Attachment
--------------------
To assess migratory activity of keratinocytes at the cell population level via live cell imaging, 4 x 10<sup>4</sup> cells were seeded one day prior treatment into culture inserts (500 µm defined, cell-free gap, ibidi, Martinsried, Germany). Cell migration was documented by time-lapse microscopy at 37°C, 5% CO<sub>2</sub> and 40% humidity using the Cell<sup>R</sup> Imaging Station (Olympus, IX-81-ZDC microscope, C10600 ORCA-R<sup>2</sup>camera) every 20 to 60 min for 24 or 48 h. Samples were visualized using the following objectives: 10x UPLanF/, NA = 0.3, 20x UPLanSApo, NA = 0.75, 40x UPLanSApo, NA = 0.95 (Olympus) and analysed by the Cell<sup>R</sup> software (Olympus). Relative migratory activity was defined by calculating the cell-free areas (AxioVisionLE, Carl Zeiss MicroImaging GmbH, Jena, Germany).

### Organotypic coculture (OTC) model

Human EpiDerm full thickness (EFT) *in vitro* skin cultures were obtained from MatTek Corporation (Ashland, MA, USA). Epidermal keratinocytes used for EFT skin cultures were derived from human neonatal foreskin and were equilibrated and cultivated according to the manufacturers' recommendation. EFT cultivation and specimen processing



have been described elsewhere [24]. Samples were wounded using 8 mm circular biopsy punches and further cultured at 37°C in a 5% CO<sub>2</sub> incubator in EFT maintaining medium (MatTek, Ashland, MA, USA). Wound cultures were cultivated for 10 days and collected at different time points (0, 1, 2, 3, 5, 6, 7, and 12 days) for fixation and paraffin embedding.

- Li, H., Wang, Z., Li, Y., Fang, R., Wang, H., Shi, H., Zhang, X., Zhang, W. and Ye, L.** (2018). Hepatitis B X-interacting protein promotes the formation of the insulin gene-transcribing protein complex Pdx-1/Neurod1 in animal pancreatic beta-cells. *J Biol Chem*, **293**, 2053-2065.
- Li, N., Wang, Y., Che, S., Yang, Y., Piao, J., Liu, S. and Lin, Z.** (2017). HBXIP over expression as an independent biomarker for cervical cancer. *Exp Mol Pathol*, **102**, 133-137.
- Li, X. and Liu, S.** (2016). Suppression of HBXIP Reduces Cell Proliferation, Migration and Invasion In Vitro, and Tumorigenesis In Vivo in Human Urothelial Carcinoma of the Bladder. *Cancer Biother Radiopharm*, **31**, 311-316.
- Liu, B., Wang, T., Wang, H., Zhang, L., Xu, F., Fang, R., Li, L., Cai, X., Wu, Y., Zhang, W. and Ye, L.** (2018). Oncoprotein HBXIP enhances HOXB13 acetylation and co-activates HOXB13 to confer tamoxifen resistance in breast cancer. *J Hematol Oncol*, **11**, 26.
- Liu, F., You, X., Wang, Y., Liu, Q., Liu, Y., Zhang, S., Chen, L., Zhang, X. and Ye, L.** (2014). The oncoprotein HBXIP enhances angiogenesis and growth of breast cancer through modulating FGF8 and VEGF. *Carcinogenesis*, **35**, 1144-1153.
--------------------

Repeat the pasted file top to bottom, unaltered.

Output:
To assess migratory activity of keratinocytes at the cell population level via live cell imaging, 4 x 10<sup>4</sup> cells were seeded one day prior treatment into culture inserts (500 µm defined, cell-free gap, ibidi, Martinsried, Germany). Cell migration was documented by time-lapse microscopy at 37°C, 5% CO<sub>2</sub> and 40% humidity using the Cell<sup>R</sup> Imaging Station (Olympus, IX-81-ZDC microscope, C10600 ORCA-R<sup>2</sup>camera) every 20 to 60 min for 24 or 48 h. Samples were visualized using the following objectives: 10x UPLanF/, NA = 0.3, 20x UPLanSApo, NA = 0.75, 40x UPLanSApo, NA = 0.95 (Olympus) and analysed by the Cell<sup>R</sup> software (Olympus). Relative migratory activity was defined by calculating the cell-free areas (AxioVisionLE, Carl Zeiss MicroImaging GmbH, Jena, Germany).

### Organotypic coculture (OTC) model

Human EpiDerm full thickness (EFT) *in vitro* skin cultures were obtained from MatTek Corporation (Ashland, MA, USA). Epidermal keratinocytes used for EFT skin cultures were derived from human neonatal foreskin and were equilibrated and cultivated according to the manufacturers' recommendation. EFT cultivation and specimen processing



have been described elsewhere [24]. Samples were wounded using 8 mm circular biopsy punches and further cultured at 37°C in a 5% CO<sub>2</sub> incubator in EFT maintaining medium (MatTek, Ashland, MA, USA). Wound cultures were cultivated for 10 days and collected at different time points (0, 1, 2, 3, 5, 6, 7, and 12 days) for fixation and paraffin embedding.

- Li, H., Wang, Z., Li, Y., Fang, R., Wang, H., Shi, H., Zhang, X., Zhang, W. and Ye, L.** (2018). Hepatitis B X-interacting protein promotes the formation of the insulin gene-transcribing protein complex Pdx-1/Neurod1 in animal pancreatic beta-cells. *J Biol Chem*, **293**, 2053-2065.
- Li, N., Wang, Y., Che, S., Yang, Y., Piao, J., Liu, S. and Lin, Z.** (2017). HBXIP over expression as an independent biomarker for cervical cancer. *Exp Mol Pathol*, **102**, 133-137.
- Li, X. and Liu, S.** (2016). Suppression of HBXIP Reduces Cell Proliferation, Migration and Invasion In Vitro, and Tumorigenesis In Vivo in Human Urothelial Carcinoma of the Bladder. *Cancer Biother Radiopharm*, **31**, 311-316.
- Liu, B., Wang, T., Wang, H., Zhang, L., Xu, F., Fang, R., Li, L., Cai, X., Wu, Y., Zhang, W. and Ye, L.** (2018). Oncoprotein HBXIP enhances HOXB13 acetylation and co-activates HOXB13 to confer tamoxifen resistance in breast cancer. *J Hematol Oncol*, **11**, 26.
- Liu, F., You, X., Wang, Y., Liu, Q., Liu, Y., Zhang, S., Chen, L., Zhang, X. and Ye, L.** (2014). The oncoprotein HBXIP enhances angiogenesis and growth of breast cancer through modulating FGF8 and VEGF. *Carcinogenesis*, **35**, 1144-1153.